But it would take another three years before an event provided the impetus for the country's leaders to move from bold rhetoric to reckless action. As a PNAC report put it in 2000, the timeline for implementing such radical policy change "is likely to be a long one, absent some catastrophic and catalyzing event--like a new Pearl Harbor."

OF COURSE, just such a catastrophic event happened a year later when four planes were hijacked and turned into missiles headed for New York City and Washington, D.C. By the time that happened, many PNAC members like Wolfowitz were influential members in the administration of George Bush Jr. But they weren't the only ones who recognized the historic opportunity.

Condoleezza Rice, known as one of the Bush administration's more hard-headed realists, told the New Yorker in April 2002:

I really think this period is analogous to 1945 to 1947, in that the events so clearly demonstrated that there is a big global threat, and that it's a big global threat to a lot of countries that you would not have normally thought of as being in the coalition. That has started shifting the tectonic plates in international politics. And it's important to try to seize on that and position American interests and institutions and all of that before they harden again.

The aggressive attitude that Rice articulated was enshrined as official policy under the 2002 National Security Strategy paper, which quickly became known as the "Bush Doctrine." It began on a triumphant note that today reads as if it were from not from 15 years ago, but 150:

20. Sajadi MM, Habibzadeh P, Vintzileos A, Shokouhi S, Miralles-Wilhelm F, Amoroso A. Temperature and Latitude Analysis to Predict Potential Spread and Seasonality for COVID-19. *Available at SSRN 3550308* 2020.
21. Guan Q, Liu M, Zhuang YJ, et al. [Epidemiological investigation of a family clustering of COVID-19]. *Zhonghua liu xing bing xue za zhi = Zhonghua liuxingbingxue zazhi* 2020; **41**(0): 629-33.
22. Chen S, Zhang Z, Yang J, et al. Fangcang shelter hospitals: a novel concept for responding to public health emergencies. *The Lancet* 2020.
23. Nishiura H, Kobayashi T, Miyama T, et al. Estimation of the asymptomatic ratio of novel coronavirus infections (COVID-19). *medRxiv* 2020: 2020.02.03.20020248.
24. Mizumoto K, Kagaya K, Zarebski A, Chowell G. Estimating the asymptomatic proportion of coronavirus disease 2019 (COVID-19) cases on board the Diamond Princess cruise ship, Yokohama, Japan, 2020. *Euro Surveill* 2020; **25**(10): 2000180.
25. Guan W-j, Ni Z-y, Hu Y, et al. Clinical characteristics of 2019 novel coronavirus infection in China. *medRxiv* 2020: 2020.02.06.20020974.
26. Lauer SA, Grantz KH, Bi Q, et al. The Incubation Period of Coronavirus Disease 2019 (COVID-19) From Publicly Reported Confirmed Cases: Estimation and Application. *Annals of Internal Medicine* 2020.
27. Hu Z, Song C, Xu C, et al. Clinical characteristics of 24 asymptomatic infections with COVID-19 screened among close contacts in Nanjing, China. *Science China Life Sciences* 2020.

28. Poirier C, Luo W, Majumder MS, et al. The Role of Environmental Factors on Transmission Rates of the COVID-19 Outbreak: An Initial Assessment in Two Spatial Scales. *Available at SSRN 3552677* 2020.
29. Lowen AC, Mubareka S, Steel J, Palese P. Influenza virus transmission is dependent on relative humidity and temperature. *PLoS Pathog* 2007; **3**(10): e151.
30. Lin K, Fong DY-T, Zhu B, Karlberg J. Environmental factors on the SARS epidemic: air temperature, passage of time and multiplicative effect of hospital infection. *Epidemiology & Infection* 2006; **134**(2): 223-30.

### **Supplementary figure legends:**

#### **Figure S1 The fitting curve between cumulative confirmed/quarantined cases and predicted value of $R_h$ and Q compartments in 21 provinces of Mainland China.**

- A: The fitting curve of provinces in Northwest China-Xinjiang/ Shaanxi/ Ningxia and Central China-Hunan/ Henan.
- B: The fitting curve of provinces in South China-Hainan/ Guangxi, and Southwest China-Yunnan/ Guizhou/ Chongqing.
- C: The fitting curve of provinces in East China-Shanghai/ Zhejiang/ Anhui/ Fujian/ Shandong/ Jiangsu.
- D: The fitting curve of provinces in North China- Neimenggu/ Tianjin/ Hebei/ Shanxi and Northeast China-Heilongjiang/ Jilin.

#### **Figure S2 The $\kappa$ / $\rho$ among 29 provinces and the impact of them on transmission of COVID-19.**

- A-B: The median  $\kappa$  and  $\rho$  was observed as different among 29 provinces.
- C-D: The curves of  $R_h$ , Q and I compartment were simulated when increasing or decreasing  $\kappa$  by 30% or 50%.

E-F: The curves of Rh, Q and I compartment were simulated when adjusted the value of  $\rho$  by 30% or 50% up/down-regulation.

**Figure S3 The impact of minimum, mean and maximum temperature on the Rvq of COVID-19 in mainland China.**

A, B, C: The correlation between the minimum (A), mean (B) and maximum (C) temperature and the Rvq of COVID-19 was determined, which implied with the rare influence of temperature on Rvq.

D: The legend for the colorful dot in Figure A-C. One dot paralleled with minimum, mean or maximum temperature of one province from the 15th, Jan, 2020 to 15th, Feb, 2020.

For most of the 20th century, the world was divided by a great struggle over ideas: destructive totalitarian visions versus freedom and equality. That great struggle is over. The militant visions of class, nation and race which promised utopia and delivered misery have been defeated and discredited...

This is also a time of opportunity for America. We will work to translate this moment of influence into decades of peace, prosperity and liberty.

The key elements of the Bush Doctrine were pre-emptive war and a willingness--even eagerness--to disregard the multilateral diplomatic framework of the United Nations that the U.S. had helped to establish after the Second World War. The strategy called for:

defending the United States, the American people, and our interests at home and abroad by identifying and destroying the threat before it reaches our borders. While the United States will constantly strive to enlist the support of the international community, we will not hesitate to act alone, if necessary, to exercise our right of self defense by acting pre-emptively against such terrorists, to prevent them from doing harm against our people and our country.